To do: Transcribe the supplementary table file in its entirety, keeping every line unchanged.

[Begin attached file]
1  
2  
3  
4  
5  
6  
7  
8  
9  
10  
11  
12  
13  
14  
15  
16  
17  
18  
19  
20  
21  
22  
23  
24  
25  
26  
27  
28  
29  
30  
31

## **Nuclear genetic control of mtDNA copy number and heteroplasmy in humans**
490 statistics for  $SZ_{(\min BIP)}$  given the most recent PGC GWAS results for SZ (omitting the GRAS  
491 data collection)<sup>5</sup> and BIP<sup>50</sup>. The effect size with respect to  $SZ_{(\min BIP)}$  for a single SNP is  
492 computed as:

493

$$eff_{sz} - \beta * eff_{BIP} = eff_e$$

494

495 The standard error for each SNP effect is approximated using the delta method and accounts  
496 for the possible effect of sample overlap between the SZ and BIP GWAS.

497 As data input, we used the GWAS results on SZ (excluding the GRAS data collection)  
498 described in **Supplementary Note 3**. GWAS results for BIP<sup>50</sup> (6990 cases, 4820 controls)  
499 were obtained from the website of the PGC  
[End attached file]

1  
2  
3  
4  
5  
6  
7  
8  
9  
10  
11  
12  
13  
14  
15  
16  
17  
18  
19  
20  
21  
22  
23  
24  
25  
26  
27  
28  
29  
30  
31

## **Nuclear genetic control of mtDNA copy number and heteroplasmy in humans**
490 statistics for  $SZ_{(\min BIP)}$  given the most recent PGC GWAS results for SZ (omitting the GRAS  
491 data collection)<sup>5</sup> and BIP<sup>50</sup>. The effect size with respect to  $SZ_{(\min BIP)}$  for a single SNP is  
492 computed as:

493

$$eff_{sz} - \beta * eff_{BIP} = eff_e$$

494

495 The standard error for each SNP effect is approximated using the delta method and accounts  
496 for the possible effect of sample overlap between the SZ and BIP GWAS.

497 As data input, we used the GWAS results on SZ (excluding the GRAS data collection)  
498 described in **Supplementary Note 3**. GWAS results for BIP<sup>50</sup> (6990 cases, 4820 controls)  
499 were obtained from the website of the PGC  